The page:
The Malta Independent 16 December 2018, Sunday

TMID Editorial: Nationalist Party - Adrian Delia’s first year

Tuesday, 25 September 2018, 09:39 Last update: about 4 months ago

The Independence Day celebrations coincided with the first anniversary of Adrian Delia’s leadership of the Nationalist Party.

It has been a difficult year for the Opposition Leader.

One year into his office, there are still many Nationalist supporters who have not accepted him, and most of them were ardent followers of slain journalist Daphne Caruana Galizia, whose writings about Delia in the run-up to the PN leadership contest cast long shadows. Delia is still to shirk them off and, given the way these people chose to blindly follow Caruana Galizia, it will be an arduous, if not impossible, task to get them on board.

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To make matters worse for Delia, among the more vocal opponents were politicians from his side of the political divide, including MPs. What did not help Delia at all is the fact that his predecessor, Simon Busuttil, stayed on in the House of Representatives. Busuttil resigned from the leadership, but he retained his seat in Parliament, unlike what Lawrence Gonzi had done when he had lost the 2013 election.

In spite of losing the 2017 election with an even bigger margin than four years earlier and leading the PN to its worst ever defeat in history, Busuttil felt that he should remain as an MP, and there is no doubt that this situation contributed to more division than unity within the party’s internal structures.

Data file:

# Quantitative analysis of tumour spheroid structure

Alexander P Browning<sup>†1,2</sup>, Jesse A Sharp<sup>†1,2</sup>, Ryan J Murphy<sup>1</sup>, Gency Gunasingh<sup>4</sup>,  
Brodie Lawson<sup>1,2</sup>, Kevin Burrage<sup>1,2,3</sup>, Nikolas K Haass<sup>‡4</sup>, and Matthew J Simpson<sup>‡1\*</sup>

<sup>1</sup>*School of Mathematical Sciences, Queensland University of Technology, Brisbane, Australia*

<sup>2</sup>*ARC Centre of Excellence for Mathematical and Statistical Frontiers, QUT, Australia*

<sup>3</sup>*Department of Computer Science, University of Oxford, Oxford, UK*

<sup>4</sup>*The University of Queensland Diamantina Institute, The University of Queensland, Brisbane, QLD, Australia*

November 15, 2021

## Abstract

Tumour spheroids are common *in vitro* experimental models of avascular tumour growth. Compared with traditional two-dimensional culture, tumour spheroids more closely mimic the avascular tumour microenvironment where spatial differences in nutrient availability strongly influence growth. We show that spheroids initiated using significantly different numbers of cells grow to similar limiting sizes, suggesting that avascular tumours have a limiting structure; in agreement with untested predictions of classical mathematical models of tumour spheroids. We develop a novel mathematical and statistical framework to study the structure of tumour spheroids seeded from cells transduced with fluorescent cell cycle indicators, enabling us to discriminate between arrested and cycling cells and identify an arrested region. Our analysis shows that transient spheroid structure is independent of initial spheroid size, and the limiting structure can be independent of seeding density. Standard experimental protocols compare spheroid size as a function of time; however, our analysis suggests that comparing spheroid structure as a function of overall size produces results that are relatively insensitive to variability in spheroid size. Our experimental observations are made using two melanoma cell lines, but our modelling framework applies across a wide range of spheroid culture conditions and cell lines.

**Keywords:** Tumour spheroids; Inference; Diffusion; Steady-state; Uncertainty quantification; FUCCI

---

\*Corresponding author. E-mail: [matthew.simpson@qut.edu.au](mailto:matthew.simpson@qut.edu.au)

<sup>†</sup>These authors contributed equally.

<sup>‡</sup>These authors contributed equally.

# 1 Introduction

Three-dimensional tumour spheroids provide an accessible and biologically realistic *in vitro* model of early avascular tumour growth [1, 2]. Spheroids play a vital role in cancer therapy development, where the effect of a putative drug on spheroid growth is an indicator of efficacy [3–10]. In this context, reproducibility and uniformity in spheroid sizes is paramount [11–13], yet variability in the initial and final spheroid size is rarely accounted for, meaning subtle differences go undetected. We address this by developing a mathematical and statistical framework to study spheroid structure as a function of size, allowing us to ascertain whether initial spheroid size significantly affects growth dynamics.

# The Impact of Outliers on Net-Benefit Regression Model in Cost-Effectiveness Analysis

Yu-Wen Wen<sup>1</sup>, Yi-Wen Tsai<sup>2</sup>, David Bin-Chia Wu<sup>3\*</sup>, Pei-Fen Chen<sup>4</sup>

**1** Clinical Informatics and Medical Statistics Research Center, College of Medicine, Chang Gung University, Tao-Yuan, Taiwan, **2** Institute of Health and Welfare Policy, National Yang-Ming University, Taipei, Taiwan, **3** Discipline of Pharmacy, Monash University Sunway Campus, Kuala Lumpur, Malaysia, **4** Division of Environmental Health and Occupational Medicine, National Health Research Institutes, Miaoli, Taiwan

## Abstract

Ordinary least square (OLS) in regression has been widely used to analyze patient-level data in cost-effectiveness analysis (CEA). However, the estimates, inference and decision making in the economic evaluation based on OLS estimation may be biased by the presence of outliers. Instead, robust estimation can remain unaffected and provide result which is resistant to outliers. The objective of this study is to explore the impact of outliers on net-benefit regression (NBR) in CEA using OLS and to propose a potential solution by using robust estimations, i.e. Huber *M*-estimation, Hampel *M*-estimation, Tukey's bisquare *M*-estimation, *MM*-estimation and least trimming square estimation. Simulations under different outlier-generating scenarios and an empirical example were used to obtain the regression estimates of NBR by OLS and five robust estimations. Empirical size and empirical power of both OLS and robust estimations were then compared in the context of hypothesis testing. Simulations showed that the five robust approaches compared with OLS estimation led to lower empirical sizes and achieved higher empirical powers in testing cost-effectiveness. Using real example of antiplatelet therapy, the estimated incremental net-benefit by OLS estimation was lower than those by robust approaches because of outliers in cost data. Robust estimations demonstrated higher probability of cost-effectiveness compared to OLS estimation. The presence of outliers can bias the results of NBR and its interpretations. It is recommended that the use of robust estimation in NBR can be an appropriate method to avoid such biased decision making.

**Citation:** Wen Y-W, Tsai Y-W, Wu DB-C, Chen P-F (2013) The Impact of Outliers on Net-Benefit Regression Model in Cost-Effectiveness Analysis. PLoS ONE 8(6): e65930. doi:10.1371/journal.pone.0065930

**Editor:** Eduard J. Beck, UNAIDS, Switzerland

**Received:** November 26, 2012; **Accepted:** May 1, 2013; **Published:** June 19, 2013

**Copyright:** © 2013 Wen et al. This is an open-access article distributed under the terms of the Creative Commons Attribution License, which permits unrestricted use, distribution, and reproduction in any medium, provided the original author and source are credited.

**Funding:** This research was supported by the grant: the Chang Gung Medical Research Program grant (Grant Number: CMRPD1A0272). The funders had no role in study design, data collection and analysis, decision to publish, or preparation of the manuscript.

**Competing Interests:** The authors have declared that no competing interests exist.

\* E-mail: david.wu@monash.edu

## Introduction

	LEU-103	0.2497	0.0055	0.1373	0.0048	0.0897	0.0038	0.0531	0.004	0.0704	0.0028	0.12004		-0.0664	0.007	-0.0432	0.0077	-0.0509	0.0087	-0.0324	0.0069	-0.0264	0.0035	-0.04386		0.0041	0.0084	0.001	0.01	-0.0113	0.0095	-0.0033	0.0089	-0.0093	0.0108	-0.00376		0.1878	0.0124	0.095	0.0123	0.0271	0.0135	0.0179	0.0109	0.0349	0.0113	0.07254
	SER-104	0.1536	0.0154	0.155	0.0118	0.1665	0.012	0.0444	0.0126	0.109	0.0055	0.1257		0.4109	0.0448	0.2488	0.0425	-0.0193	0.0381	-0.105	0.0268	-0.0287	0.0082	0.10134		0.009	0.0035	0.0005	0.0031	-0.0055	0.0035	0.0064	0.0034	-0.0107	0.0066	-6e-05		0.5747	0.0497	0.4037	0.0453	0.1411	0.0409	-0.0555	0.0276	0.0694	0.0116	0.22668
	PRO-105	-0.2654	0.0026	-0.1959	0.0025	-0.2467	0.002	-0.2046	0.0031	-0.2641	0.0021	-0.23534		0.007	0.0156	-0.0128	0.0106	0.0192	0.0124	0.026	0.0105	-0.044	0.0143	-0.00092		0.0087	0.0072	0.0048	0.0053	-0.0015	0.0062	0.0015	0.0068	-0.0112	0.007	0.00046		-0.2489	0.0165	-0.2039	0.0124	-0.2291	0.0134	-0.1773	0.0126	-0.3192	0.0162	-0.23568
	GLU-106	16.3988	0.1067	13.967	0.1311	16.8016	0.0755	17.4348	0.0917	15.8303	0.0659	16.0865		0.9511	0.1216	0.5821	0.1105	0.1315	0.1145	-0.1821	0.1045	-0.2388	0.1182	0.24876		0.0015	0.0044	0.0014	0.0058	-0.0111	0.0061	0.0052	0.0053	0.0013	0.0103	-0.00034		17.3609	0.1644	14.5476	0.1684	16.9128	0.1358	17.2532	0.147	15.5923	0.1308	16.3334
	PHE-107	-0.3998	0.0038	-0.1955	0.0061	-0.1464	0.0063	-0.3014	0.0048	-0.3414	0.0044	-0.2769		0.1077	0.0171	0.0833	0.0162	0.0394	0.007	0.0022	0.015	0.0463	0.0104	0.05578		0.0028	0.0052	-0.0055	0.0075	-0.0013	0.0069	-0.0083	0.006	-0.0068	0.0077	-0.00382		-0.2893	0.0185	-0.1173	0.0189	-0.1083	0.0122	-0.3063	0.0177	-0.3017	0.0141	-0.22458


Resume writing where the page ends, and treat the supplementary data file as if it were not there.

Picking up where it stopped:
David Casa’s mix-up of the leader’s name in an activity last week – Casa said the leader was “Adrian Busuttil” – may have been just a lapsus, but it does also give an indication that Busuttil’s presence in the party is more of a hindrance than an asset. That, then, Delia and Busuttil went head-to-head after the publication of the conclusions of the Egrant inquiry exposed the difficulties being encountered by Delia in his administration.

It is not uncommon for people to associate MPs with the faction they perceive them to be: “he’s with Delia”, or “she’s with Busuttil” is a phrase that is often used when people are talking PN politics. Until this is over, Delia’s attempt to rebuild the party will find more obstacles than helping hands.

In this past year, Delia has found himself fighting on two fronts – battling the government on issues ranging from migration, corruption, the environment and social issues, and having to contend with internal dissent. The latter required more energy than the former, and this deprived him of the necessary time to dedicate to the formulation of the party’s policies for the months and years to come. He also did not always have the full cooperation of his MPs, for reasons mentioned earlier.

Delia’s biggest test will come in May, when the PN will face the election for Malta’s representatives in the European Parliament. It will be a do-or-die situation for him, and as matters stand now, it is going to be tough. Surveys indicate that the Labour Party still enjoys massive support, and the PN is running the great risk of losing the third seat.

If this does happen, there will be fresh calls for him to move aside while the inside rumblings will grow more. Delia – and the party – must work hard to avoid this. But it clear that not everyone at Pieta is pulling the same rope.

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